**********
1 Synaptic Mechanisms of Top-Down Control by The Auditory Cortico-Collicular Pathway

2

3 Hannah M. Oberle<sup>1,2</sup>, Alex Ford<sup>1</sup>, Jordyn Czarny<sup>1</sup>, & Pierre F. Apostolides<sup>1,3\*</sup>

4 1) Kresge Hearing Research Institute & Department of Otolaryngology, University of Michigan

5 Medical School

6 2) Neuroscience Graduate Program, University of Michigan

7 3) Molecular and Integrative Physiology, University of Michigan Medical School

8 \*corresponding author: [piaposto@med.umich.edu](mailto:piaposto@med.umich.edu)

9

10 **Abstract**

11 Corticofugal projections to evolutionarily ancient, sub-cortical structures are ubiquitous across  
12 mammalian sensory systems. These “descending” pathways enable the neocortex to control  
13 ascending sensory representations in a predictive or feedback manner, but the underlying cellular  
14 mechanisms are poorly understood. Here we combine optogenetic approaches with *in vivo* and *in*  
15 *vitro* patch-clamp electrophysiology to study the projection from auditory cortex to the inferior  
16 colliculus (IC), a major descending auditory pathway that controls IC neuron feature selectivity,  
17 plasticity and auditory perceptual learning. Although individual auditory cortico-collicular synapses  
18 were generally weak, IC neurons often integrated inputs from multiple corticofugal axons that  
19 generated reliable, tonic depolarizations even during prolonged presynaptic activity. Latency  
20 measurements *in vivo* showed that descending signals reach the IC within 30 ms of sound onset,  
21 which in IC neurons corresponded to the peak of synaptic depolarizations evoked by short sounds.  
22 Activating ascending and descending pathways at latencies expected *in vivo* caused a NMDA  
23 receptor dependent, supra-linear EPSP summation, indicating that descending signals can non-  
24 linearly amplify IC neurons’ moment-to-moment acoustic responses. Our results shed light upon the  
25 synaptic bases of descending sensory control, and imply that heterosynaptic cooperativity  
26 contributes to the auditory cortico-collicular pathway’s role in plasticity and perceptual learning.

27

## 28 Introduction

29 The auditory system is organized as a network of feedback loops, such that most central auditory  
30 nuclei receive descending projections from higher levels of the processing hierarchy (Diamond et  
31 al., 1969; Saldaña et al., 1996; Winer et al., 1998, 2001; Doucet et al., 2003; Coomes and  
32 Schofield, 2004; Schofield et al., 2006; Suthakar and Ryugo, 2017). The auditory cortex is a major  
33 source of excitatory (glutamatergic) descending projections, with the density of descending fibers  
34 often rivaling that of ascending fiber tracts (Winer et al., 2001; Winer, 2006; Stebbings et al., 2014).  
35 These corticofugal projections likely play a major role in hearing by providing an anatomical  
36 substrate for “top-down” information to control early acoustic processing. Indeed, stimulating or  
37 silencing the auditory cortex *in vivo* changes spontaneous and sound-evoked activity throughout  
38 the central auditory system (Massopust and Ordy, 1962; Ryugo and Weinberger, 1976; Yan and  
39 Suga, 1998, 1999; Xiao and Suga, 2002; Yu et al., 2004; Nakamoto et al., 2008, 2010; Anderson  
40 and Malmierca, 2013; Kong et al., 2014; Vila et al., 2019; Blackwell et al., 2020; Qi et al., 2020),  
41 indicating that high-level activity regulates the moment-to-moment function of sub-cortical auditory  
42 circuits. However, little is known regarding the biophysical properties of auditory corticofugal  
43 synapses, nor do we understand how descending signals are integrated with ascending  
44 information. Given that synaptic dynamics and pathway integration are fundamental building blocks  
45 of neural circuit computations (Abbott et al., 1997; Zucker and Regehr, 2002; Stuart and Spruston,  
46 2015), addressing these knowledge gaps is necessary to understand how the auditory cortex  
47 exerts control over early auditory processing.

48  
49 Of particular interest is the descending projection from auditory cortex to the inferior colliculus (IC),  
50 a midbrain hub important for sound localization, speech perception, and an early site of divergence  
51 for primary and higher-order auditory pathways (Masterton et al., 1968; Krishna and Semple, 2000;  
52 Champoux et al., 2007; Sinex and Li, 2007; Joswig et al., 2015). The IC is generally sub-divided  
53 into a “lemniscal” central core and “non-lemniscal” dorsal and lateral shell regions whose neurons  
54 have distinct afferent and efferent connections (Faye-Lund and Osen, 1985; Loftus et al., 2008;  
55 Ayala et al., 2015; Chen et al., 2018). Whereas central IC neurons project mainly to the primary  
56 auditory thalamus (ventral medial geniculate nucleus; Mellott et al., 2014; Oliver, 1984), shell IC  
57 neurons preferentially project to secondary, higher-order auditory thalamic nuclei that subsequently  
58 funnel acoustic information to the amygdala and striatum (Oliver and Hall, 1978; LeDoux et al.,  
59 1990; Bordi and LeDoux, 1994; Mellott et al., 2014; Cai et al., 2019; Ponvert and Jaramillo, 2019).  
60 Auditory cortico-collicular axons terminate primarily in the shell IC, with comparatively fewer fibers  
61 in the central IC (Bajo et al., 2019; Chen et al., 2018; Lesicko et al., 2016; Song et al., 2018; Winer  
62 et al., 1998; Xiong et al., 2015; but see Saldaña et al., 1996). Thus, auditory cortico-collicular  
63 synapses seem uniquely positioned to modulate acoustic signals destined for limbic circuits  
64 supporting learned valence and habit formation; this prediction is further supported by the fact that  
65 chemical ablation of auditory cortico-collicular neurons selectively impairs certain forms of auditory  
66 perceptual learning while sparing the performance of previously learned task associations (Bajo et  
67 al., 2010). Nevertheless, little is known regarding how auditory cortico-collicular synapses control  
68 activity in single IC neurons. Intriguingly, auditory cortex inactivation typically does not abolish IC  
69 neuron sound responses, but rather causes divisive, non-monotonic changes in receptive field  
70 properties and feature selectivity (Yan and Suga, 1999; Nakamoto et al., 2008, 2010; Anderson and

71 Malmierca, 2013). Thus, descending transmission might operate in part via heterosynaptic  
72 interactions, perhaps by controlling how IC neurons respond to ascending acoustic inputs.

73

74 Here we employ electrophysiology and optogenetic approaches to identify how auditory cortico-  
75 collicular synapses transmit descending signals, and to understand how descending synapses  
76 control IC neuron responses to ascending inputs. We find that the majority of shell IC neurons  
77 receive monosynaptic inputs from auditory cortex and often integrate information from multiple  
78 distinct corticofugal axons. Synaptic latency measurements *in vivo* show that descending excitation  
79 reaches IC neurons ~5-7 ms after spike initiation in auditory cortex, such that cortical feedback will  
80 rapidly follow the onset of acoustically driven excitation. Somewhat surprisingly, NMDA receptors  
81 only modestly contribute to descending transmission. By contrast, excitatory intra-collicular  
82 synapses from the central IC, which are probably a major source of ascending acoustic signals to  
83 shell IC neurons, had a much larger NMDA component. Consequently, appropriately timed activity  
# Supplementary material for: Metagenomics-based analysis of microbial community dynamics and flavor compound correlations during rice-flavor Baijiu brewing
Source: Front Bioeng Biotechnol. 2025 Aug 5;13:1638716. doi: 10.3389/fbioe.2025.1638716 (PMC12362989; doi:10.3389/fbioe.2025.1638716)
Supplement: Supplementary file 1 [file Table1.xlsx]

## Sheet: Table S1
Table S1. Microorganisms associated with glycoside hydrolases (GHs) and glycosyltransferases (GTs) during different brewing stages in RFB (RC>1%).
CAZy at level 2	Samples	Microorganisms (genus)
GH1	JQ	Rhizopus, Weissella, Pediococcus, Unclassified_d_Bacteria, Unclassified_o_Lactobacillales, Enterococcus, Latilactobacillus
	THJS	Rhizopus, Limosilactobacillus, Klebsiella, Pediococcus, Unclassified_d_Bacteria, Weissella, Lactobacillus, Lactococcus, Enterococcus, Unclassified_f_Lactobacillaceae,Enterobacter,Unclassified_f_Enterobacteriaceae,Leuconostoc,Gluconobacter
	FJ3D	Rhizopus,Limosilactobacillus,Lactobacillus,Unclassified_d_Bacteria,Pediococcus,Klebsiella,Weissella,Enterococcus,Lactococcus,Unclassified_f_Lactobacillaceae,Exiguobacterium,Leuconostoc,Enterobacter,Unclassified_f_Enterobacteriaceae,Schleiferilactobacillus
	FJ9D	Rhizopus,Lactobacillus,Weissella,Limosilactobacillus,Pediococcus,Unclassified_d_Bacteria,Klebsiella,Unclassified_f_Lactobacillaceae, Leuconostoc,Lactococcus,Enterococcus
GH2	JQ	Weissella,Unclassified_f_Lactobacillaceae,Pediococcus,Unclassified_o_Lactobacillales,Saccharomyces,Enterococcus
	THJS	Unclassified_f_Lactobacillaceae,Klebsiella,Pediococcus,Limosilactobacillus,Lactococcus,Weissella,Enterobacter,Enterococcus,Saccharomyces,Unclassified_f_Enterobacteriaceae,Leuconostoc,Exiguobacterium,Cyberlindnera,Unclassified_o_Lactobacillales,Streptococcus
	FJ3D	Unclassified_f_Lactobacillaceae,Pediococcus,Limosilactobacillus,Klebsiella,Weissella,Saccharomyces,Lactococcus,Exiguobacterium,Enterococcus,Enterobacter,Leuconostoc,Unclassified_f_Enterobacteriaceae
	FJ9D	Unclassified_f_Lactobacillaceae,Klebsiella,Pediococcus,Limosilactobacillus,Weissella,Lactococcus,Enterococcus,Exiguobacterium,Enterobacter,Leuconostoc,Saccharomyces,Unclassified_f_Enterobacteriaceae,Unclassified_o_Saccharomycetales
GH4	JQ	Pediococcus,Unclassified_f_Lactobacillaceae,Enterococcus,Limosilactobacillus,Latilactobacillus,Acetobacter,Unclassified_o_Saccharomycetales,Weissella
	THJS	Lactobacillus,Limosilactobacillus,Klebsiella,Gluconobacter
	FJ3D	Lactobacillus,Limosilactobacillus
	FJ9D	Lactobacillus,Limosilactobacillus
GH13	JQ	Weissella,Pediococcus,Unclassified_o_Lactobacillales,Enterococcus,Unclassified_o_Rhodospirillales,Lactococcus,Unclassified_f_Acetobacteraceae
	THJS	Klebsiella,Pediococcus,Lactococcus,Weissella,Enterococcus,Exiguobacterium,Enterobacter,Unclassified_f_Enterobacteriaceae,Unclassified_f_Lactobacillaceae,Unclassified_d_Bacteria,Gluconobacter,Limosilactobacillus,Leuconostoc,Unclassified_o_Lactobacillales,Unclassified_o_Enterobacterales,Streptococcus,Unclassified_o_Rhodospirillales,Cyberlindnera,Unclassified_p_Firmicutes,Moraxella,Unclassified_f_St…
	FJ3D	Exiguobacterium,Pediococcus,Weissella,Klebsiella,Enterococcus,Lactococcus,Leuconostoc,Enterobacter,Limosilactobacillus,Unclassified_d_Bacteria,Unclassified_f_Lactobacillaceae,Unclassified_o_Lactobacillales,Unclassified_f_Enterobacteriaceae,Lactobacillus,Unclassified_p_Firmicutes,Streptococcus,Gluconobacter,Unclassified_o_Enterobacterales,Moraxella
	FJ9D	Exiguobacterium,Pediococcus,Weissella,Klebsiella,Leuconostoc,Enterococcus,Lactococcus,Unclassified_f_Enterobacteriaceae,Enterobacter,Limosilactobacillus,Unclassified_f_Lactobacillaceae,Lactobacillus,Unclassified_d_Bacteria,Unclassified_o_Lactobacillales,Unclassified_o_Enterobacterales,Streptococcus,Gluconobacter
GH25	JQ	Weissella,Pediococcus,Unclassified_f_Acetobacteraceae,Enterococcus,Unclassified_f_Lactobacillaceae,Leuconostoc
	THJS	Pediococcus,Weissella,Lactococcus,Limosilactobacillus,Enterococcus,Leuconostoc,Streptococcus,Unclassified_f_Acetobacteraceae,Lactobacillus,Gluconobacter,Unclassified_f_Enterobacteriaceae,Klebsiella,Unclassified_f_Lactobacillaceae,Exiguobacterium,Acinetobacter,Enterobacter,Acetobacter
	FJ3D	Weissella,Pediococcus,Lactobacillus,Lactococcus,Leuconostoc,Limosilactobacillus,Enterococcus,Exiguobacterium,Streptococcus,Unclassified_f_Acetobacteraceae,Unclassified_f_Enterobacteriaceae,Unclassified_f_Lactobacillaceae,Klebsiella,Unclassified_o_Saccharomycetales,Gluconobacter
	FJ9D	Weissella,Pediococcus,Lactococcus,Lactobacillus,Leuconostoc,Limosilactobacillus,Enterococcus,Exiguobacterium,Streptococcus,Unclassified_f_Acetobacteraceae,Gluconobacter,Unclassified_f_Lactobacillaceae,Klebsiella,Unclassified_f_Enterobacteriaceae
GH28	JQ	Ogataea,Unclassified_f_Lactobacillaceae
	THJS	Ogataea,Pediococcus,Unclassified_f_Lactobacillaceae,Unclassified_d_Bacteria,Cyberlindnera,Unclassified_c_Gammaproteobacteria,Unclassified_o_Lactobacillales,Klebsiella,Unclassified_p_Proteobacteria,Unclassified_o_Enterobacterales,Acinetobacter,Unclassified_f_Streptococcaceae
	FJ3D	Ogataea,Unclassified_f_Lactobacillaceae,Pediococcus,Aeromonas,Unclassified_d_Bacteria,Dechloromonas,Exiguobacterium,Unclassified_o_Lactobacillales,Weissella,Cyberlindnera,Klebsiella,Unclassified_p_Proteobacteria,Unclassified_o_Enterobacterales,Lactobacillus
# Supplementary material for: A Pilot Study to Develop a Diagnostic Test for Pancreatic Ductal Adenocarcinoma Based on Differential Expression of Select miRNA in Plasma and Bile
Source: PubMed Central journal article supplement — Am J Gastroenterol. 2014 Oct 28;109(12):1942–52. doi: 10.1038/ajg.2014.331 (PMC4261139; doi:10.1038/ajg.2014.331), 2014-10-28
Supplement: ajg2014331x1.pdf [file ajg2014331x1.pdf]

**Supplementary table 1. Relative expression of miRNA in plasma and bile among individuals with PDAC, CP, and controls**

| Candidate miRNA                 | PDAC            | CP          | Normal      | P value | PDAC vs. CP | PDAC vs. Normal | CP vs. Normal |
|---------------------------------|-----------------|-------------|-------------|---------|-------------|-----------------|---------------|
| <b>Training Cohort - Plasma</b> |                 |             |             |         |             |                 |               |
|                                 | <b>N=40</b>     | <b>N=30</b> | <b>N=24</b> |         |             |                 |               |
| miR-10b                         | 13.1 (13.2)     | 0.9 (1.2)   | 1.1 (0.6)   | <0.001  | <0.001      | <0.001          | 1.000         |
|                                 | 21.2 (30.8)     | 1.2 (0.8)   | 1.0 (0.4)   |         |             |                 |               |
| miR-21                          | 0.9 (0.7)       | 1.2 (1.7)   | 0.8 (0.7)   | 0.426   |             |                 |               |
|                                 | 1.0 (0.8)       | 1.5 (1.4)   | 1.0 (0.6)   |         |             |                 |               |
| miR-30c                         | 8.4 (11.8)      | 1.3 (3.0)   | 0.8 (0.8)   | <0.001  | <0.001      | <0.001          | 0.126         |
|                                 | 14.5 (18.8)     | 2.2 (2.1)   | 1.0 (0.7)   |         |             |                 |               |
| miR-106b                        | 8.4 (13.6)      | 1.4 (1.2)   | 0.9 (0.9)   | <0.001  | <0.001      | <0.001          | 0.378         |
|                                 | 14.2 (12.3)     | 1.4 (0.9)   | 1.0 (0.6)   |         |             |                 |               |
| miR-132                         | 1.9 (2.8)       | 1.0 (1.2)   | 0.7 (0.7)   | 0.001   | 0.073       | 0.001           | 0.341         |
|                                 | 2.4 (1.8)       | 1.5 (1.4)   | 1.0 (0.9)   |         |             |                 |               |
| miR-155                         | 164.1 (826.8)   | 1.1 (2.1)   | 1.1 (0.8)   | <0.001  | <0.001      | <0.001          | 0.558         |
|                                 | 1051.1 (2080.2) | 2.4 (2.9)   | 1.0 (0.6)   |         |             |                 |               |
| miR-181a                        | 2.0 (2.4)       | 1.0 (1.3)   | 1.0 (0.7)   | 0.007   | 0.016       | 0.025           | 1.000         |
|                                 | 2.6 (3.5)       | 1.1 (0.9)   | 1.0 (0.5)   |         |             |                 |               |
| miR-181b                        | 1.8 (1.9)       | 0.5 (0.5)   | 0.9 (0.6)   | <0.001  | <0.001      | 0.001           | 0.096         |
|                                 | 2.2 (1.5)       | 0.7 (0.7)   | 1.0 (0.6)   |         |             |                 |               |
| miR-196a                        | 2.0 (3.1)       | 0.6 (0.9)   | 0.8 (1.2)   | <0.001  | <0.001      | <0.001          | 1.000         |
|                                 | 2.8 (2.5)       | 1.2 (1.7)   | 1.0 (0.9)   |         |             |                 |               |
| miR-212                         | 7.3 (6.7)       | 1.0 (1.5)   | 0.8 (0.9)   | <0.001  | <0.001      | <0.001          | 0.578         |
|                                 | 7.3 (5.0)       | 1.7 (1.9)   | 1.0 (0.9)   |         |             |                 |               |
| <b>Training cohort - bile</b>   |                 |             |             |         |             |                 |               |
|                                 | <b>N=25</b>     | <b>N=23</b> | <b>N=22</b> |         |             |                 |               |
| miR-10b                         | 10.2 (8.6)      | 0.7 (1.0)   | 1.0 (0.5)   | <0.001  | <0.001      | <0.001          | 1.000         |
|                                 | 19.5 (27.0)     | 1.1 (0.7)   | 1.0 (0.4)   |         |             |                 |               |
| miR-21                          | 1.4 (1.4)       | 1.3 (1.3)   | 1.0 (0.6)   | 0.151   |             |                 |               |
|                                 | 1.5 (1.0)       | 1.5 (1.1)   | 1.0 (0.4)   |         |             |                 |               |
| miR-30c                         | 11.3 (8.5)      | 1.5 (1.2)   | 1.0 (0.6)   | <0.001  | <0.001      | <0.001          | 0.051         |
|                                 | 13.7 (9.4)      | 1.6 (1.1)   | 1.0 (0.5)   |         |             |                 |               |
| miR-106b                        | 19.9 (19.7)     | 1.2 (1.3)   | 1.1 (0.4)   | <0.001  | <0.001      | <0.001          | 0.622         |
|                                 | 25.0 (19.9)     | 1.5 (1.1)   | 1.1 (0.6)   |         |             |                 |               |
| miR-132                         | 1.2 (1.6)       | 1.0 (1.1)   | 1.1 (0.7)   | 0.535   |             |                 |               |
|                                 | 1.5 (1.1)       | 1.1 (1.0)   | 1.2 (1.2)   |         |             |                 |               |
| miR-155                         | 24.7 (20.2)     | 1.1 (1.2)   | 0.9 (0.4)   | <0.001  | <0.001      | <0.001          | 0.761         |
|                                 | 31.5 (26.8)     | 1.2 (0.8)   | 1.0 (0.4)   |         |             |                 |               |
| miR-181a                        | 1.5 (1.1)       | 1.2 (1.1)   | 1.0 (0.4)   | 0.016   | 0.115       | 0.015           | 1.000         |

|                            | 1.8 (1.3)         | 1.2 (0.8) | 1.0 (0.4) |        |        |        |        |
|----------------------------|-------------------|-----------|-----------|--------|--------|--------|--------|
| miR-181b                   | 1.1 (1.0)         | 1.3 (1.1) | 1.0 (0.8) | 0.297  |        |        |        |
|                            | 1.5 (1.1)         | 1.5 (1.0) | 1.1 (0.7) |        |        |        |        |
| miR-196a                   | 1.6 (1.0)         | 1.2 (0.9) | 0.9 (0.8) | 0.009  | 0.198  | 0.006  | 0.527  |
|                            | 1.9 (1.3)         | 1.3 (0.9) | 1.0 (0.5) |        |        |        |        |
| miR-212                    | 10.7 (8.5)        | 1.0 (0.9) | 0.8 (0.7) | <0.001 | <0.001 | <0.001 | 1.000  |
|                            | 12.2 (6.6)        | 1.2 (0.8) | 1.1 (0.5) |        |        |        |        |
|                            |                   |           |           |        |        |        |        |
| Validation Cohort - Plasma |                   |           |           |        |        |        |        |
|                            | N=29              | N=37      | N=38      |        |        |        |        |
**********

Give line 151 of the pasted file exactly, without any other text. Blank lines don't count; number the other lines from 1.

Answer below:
| miR-132                         | 1.2 (1.6)       | 1.0 (1.1)   | 1.1 (0.7)   | 0.535   |             |                 |               |